Today’s poem editing is about rounds of revisions. This poem is a perfect example of a work in the moment. I went through a bit of a tragedy my junior year of college, and from that struggle came a plethora of good and bad poems. Some of them made perfect sense at the time; others were just my feelings in poem form.
This piece is one I was particularly fond of, but outside of that moment and those feelings, I can see that the message is a little mushy. This may be the case with a few of your poems, but don’t despair. There will be a time and place to revise and make them more reader-friendly.
I began this editing with three pens, because I knew it would take a few rounds of careful consideration to make it right. The red pen is my harshest criticism, because if you truly want to make a poem better, you have to get a little messy with the red pen.
I have a lot going on here… there’s a metaphor about a woman, death maybe… there’s me in a coliseum of criticism (a bit heavy handed for this kind of narrative) and then there is a man behind paper walls, I imagine those kind in Chinese houses… Before I can do anything, I need to pick one, because they don’t make sense together… If I want to have this quiet confessional intimacy I set up in the beginning I can’t be spouting off contradictory metaphors.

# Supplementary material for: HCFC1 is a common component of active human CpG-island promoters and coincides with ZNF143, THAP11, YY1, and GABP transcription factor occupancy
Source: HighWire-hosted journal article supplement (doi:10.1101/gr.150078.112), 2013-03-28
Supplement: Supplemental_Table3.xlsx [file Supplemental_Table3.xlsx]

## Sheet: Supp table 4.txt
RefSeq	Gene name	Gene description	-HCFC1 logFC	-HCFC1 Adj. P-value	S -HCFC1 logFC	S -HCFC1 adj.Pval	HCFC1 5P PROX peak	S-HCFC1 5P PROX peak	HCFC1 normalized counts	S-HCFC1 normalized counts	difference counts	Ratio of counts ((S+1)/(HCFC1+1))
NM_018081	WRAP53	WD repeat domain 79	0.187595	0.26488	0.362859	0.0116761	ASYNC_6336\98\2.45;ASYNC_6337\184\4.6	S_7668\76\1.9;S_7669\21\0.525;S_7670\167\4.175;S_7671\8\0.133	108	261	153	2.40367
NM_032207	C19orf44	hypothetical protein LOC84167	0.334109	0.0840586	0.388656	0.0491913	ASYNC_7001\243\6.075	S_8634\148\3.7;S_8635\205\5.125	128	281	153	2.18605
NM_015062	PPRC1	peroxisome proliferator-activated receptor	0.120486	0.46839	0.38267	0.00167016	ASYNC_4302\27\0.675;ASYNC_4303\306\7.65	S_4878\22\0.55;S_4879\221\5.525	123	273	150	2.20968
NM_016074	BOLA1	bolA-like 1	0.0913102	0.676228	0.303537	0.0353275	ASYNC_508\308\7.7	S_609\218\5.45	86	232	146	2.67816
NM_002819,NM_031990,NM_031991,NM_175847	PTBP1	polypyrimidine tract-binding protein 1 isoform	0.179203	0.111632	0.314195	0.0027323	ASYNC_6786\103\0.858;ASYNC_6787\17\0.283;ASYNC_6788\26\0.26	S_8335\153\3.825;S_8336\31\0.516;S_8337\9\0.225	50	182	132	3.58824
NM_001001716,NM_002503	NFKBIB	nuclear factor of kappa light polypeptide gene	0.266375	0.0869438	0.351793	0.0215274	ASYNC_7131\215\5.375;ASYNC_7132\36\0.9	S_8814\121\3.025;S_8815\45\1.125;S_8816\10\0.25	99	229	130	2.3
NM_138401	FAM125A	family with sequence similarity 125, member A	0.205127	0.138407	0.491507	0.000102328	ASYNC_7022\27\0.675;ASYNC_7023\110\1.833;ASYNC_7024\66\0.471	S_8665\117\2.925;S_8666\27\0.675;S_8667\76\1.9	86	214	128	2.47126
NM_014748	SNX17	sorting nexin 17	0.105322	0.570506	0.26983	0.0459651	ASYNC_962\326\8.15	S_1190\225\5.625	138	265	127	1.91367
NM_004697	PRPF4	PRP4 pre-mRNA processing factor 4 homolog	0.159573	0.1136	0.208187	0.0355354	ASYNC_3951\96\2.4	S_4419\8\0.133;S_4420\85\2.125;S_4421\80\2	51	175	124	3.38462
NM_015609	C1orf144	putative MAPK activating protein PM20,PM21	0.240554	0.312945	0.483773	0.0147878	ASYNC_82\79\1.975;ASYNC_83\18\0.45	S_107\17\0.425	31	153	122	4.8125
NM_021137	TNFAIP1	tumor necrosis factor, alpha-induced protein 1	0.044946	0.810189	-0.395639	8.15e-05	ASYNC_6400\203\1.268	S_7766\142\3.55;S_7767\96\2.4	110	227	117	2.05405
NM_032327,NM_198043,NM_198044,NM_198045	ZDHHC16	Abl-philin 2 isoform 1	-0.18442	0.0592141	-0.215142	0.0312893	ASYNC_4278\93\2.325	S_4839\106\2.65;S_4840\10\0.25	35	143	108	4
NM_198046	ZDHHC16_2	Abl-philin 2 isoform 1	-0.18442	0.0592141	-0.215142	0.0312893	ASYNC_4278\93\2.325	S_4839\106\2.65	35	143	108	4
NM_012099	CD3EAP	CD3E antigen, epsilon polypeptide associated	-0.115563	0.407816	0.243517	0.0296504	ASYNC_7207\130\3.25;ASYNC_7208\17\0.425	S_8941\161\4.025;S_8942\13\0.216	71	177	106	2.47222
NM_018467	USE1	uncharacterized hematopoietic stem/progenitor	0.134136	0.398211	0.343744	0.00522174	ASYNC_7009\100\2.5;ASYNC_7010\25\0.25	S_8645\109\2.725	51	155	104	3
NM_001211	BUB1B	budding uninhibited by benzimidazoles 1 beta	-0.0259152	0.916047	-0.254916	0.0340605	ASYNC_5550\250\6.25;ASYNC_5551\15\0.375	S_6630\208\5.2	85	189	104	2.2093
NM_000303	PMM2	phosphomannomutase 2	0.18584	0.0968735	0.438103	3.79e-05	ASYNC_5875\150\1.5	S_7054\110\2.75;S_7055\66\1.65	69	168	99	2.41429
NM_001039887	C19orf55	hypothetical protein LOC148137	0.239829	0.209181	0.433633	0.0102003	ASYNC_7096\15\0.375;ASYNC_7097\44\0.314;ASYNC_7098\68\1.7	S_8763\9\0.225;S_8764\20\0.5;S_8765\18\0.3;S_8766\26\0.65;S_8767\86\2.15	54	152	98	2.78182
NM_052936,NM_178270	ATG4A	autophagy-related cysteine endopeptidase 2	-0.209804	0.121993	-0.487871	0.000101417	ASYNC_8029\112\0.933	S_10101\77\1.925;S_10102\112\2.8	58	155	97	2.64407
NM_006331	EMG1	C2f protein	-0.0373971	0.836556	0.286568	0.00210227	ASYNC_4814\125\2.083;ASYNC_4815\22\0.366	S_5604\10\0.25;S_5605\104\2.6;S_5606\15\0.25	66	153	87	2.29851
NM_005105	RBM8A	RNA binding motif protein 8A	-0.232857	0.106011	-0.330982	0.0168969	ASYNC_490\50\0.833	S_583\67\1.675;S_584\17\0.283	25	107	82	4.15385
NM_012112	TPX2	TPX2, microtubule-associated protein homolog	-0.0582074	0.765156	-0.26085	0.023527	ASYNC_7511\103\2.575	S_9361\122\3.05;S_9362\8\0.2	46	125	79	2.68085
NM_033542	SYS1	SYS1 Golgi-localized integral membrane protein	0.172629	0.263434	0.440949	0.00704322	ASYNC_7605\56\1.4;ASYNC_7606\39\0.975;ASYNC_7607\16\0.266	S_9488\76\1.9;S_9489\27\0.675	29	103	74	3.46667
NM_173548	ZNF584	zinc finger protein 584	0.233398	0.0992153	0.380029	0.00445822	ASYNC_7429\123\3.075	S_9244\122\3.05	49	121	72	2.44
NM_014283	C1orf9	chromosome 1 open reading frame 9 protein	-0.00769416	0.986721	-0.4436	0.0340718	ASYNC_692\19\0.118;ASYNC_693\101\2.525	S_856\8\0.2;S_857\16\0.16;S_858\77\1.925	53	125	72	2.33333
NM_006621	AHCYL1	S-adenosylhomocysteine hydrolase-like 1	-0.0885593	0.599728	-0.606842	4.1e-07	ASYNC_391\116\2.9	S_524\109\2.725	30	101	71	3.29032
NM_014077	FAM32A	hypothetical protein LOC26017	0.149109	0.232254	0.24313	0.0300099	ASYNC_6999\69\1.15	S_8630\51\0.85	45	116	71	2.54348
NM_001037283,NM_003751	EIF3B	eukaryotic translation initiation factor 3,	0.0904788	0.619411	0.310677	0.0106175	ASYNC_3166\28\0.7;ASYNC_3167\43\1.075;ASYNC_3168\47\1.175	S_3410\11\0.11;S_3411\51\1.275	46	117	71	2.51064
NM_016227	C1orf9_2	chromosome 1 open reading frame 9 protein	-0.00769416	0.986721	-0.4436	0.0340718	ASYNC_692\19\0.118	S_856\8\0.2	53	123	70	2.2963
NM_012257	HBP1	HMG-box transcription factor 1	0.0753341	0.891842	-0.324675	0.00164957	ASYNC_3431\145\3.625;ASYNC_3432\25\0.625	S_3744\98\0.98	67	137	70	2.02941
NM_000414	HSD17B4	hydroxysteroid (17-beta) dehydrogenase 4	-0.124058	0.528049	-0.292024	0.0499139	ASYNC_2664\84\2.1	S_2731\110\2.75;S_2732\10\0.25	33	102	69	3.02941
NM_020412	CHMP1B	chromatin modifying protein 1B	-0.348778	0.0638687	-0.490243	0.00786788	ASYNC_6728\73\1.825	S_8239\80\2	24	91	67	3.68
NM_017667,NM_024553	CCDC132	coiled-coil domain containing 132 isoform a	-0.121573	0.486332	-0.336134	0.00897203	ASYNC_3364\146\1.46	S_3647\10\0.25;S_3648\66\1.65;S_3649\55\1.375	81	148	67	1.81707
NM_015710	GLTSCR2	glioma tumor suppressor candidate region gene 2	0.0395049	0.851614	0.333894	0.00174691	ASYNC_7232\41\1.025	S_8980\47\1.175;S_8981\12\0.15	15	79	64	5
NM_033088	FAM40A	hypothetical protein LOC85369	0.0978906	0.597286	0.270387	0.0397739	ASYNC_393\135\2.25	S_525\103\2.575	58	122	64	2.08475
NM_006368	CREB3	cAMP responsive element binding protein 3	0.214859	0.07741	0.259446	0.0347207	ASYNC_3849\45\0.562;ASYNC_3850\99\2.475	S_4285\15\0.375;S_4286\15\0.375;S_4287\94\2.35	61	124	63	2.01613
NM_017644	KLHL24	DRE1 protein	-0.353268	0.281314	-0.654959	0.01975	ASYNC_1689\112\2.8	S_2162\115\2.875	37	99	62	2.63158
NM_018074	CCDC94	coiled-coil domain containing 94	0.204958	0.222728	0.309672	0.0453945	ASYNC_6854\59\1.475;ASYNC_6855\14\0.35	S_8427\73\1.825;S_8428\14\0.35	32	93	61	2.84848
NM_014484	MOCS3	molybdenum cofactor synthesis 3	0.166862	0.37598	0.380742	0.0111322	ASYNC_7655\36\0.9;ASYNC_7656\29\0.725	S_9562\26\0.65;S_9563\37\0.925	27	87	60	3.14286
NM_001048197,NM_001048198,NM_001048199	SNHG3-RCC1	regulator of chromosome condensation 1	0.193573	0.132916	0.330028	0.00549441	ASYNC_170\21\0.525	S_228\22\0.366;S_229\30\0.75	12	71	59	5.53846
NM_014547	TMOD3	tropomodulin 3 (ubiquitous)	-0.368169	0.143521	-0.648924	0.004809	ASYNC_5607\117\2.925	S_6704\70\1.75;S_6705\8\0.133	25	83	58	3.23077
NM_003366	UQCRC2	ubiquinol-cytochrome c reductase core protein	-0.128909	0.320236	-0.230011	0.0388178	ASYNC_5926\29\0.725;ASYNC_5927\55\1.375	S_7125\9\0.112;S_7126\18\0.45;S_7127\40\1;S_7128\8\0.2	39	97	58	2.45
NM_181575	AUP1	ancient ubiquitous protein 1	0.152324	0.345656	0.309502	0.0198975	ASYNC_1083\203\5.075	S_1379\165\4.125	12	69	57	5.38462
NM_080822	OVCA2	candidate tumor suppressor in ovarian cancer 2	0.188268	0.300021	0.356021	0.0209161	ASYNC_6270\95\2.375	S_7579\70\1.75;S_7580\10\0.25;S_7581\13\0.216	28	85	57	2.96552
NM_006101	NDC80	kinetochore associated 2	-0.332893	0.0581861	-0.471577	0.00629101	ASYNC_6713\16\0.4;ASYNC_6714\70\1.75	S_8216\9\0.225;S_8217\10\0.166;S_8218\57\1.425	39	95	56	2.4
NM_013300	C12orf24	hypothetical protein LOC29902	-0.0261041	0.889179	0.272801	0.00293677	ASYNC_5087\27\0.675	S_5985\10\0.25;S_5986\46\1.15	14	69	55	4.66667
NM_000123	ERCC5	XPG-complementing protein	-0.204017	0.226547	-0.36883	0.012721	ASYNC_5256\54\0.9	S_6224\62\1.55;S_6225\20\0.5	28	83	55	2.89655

I want to keep the ‘love letter’ feel of the beginning. It’s not grounded in anything tangible and it’s not particularly inviting for the reader, but I feel that is the crux of the poem, and my emotions at the time, though it does need to be refined. Think of the pens (red, purple and blue as sand papers. Red is coarse, purple is fine, and blue is a buffer to make it shiny… If I can hack out more than is needed with the red, I can really start to refine with the purple… you can see that a little in the mark-up.
The ending needs some work. If I want to go with that idea of the paper wall man, which I feel is the strongest of the three metaphors; I need to develop it a little more. This editing session, and the paper itself didn’t really have room for that… I will be able to work that all out in subsequent drafts.
This poem was a mess because I was a mess when I wrote it. This will be the case for many of my poems and maybe yours too… emotions are like garlic, they reek through your skin and everything you do while you experience them. The trick is to leave a poem for long enough to be objective, and take out a little of that garlic as you go. Still a little cryptic, but much more relatable.